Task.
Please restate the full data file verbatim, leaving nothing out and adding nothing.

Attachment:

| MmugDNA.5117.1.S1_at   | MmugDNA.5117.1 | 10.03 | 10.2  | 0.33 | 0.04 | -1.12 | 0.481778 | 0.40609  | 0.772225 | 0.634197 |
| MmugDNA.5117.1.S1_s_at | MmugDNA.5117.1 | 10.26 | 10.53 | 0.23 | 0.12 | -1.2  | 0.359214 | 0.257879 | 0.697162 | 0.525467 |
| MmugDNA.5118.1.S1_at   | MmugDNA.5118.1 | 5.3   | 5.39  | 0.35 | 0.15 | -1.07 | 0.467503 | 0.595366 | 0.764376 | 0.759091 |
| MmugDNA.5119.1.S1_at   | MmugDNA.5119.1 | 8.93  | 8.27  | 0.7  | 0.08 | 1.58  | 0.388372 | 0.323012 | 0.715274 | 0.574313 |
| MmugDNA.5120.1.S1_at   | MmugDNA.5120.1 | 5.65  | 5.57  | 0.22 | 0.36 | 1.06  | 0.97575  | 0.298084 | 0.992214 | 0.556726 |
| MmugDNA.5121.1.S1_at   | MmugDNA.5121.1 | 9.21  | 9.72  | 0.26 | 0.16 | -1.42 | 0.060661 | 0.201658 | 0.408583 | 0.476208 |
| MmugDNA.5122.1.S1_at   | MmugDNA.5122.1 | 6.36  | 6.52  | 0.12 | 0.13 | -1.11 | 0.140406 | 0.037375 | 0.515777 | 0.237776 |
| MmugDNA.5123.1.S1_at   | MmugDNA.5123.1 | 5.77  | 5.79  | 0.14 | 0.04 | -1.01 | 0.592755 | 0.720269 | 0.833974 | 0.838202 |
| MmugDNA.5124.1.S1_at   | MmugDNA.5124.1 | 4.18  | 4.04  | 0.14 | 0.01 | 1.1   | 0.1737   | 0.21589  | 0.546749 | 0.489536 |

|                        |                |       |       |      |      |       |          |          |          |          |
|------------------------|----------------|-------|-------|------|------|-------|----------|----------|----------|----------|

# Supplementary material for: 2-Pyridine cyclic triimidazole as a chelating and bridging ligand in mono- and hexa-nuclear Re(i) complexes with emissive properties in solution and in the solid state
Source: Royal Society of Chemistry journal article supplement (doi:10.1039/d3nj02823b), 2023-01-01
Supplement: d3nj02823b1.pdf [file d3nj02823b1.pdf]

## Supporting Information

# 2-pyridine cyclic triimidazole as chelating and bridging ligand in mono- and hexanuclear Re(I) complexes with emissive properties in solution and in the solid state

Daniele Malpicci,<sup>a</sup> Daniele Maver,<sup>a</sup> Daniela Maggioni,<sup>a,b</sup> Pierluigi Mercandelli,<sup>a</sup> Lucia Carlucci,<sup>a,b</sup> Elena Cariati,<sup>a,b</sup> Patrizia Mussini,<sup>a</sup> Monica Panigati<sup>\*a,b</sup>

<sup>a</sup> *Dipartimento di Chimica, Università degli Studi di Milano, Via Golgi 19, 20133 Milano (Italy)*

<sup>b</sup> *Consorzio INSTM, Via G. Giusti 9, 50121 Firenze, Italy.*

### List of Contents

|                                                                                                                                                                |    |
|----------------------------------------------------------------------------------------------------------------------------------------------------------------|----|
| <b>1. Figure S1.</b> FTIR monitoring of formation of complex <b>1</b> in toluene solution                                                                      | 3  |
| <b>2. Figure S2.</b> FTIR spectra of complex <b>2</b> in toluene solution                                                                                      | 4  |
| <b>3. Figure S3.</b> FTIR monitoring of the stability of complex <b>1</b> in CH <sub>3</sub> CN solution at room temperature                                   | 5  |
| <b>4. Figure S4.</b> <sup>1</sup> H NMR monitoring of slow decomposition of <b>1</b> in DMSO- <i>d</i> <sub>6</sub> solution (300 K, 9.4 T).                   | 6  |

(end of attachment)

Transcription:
| MmugDNA.5117.1.S1_at   | MmugDNA.5117.1 | 10.03 | 10.2  | 0.33 | 0.04 | -1.12 | 0.481778 | 0.40609  | 0.772225 | 0.634197 |
| MmugDNA.5117.1.S1_s_at | MmugDNA.5117.1 | 10.26 | 10.53 | 0.23 | 0.12 | -1.2  | 0.359214 | 0.257879 | 0.697162 | 0.525467 |
| MmugDNA.5118.1.S1_at   | MmugDNA.5118.1 | 5.3   | 5.39  | 0.35 | 0.15 | -1.07 | 0.467503 | 0.595366 | 0.764376 | 0.759091 |
| MmugDNA.5119.1.S1_at   | MmugDNA.5119.1 | 8.93  | 8.27  | 0.7  | 0.08 | 1.58  | 0.388372 | 0.323012 | 0.715274 | 0.574313 |
| MmugDNA.5120.1.S1_at   | MmugDNA.5120.1 | 5.65  | 5.57  | 0.22 | 0.36 | 1.06  | 0.97575  | 0.298084 | 0.992214 | 0.556726 |
| MmugDNA.5121.1.S1_at   | MmugDNA.5121.1 | 9.21  | 9.72  | 0.26 | 0.16 | -1.42 | 0.060661 | 0.201658 | 0.408583 | 0.476208 |
| MmugDNA.5122.1.S1_at   | MmugDNA.5122.1 | 6.36  | 6.52  | 0.12 | 0.13 | -1.11 | 0.140406 | 0.037375 | 0.515777 | 0.237776 |
| MmugDNA.5123.1.S1_at   | MmugDNA.5123.1 | 5.77  | 5.79  | 0.14 | 0.04 | -1.01 | 0.592755 | 0.720269 | 0.833974 | 0.838202 |
| MmugDNA.5124.1.S1_at   | MmugDNA.5124.1 | 4.18  | 4.04  | 0.14 | 0.01 | 1.1   | 0.1737   | 0.21589  | 0.546749 | 0.489536 |

|                        |                |       |       |      |      |       |          |          |          |          |
|------------------------|----------------|-------|-------|------|------|-------|----------|----------|----------|----------|

# Supplementary material for: 2-Pyridine cyclic triimidazole as a chelating and bridging ligand in mono- and hexa-nuclear Re(i) complexes with emissive properties in solution and in the solid state
Source: Royal Society of Chemistry journal article supplement (doi:10.1039/d3nj02823b), 2023-01-01
Supplement: d3nj02823b1.pdf [file d3nj02823b1.pdf]

## Supporting Information

# 2-pyridine cyclic triimidazole as chelating and bridging ligand in mono- and hexanuclear Re(I) complexes with emissive properties in solution and in the solid state

Daniele Malpicci,<sup>a</sup> Daniele Maver,<sup>a</sup> Daniela Maggioni,<sup>a,b</sup> Pierluigi Mercandelli,<sup>a</sup> Lucia Carlucci,<sup>a,b</sup> Elena Cariati,<sup>a,b</sup> Patrizia Mussini,<sup>a</sup> Monica Panigati<sup>\*a,b</sup>

<sup>a</sup> *Dipartimento di Chimica, Università degli Studi di Milano, Via Golgi 19, 20133 Milano (Italy)*

<sup>b</sup> *Consorzio INSTM, Via G. Giusti 9, 50121 Firenze, Italy.*

### List of Contents

|                                                                                                                                                                |    |
|----------------------------------------------------------------------------------------------------------------------------------------------------------------|----|
| <b>1. Figure S1.</b> FTIR monitoring of formation of complex <b>1</b> in toluene solution                                                                      | 3  |
| <b>2. Figure S2.</b> FTIR spectra of complex <b>2</b> in toluene solution                                                                                      | 4  |
| <b>3. Figure S3.</b> FTIR monitoring of the stability of complex <b>1</b> in CH <sub>3</sub> CN solution at room temperature                                   | 5  |
| <b>4. Figure S4.</b> <sup>1</sup> H NMR monitoring of slow decomposition of <b>1</b> in DMSO- <i>d</i> <sub>6</sub> solution (300 K, 9.4 T).                   | 6  |